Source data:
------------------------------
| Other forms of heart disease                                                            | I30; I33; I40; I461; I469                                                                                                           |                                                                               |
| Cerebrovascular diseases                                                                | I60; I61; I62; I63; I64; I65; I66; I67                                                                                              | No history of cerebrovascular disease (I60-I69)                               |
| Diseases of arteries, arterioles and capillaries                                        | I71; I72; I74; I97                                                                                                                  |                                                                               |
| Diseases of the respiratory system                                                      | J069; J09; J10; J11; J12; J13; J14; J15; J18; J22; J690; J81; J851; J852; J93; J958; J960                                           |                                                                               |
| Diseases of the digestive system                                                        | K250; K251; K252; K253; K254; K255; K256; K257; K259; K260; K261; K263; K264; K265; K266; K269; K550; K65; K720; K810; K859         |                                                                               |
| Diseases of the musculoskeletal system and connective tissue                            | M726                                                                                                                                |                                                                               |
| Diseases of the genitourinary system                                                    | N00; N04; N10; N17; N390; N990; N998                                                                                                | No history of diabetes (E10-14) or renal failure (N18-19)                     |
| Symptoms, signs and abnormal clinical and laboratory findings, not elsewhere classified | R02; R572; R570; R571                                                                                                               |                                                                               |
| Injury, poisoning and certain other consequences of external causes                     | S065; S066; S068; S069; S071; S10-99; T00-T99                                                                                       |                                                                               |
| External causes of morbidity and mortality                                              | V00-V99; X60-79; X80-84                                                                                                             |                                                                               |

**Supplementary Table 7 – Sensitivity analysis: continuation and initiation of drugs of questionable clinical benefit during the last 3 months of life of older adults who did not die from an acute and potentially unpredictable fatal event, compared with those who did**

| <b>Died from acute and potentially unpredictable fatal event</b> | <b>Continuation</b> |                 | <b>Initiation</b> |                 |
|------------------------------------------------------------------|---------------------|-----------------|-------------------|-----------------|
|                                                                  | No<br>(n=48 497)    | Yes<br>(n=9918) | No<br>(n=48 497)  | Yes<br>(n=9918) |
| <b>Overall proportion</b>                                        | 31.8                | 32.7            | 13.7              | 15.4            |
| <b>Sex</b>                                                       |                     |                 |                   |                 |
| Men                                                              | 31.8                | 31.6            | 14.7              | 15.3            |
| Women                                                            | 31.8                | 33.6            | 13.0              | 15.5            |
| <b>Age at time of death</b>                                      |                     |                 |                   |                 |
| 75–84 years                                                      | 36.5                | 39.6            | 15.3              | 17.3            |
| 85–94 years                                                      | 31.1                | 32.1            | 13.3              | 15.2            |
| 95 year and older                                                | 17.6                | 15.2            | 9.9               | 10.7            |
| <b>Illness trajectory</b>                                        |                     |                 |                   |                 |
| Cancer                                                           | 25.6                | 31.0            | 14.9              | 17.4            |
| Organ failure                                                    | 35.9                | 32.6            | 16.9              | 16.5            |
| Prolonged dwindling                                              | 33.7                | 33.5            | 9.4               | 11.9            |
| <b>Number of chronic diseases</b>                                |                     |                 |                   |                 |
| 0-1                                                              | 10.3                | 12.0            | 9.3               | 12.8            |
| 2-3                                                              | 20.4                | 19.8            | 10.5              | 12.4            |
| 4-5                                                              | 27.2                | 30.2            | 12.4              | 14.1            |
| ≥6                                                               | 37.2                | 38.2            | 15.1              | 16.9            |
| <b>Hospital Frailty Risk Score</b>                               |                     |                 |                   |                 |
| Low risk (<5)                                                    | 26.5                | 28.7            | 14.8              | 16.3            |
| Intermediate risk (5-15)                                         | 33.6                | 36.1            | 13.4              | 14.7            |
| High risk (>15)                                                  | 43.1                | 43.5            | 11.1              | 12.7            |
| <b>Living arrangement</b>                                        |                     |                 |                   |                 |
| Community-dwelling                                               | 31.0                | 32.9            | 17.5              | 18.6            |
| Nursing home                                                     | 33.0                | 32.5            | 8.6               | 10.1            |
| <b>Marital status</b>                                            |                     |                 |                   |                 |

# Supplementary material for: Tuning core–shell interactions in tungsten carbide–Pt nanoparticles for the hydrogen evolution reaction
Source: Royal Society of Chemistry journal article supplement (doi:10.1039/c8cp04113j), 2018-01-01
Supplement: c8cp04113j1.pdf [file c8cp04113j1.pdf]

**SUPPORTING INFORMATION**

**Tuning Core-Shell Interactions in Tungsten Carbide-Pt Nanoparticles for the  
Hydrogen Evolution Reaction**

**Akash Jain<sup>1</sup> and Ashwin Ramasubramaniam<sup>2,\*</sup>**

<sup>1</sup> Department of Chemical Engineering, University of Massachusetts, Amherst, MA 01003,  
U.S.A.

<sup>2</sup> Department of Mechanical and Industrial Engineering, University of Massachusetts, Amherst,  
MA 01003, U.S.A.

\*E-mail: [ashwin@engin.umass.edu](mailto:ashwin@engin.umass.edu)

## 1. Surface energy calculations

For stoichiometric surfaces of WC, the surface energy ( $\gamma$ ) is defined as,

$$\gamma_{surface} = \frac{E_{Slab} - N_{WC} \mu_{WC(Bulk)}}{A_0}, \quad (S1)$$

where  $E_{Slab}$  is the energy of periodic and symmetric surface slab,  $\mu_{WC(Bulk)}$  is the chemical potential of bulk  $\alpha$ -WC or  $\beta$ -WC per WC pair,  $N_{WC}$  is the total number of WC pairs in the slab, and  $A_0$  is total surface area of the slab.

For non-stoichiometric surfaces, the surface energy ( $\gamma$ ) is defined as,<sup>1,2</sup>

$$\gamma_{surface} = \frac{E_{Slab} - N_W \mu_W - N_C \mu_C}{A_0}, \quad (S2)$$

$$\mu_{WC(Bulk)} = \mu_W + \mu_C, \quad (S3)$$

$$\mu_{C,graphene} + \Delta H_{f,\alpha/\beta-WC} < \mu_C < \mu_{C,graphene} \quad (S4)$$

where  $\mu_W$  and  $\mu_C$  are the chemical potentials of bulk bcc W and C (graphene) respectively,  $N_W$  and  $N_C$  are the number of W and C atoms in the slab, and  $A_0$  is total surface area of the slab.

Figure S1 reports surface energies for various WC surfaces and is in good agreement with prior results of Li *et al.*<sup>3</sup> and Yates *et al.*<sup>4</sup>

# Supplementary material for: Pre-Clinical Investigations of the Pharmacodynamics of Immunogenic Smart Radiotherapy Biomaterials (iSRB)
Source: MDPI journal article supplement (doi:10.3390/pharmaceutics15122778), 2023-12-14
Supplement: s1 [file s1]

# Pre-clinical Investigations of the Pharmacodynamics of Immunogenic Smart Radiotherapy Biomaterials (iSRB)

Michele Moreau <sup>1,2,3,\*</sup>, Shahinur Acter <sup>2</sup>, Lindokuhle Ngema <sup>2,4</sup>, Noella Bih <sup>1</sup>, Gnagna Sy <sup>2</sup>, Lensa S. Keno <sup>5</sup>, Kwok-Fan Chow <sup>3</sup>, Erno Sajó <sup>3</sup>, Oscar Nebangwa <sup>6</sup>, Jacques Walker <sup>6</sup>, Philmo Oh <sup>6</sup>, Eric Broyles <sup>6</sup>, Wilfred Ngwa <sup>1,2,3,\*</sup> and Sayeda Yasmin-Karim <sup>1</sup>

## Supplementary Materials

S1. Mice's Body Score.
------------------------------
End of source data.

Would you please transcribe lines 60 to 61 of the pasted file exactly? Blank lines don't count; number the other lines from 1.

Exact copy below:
where  $\mu_W$  and  $\mu_C$  are the chemical potentials of bulk bcc W and C (graphene) respectively,  $N_W$  and  $N_C$  are the number of W and C atoms in the slab, and  $A_0$  is total surface area of the slab.

Figure S1 reports surface energies for various WC surfaces and is in good agreement with prior results of Li *et al.*<sup>3</sup> and Yates *et al.*<sup>4</sup>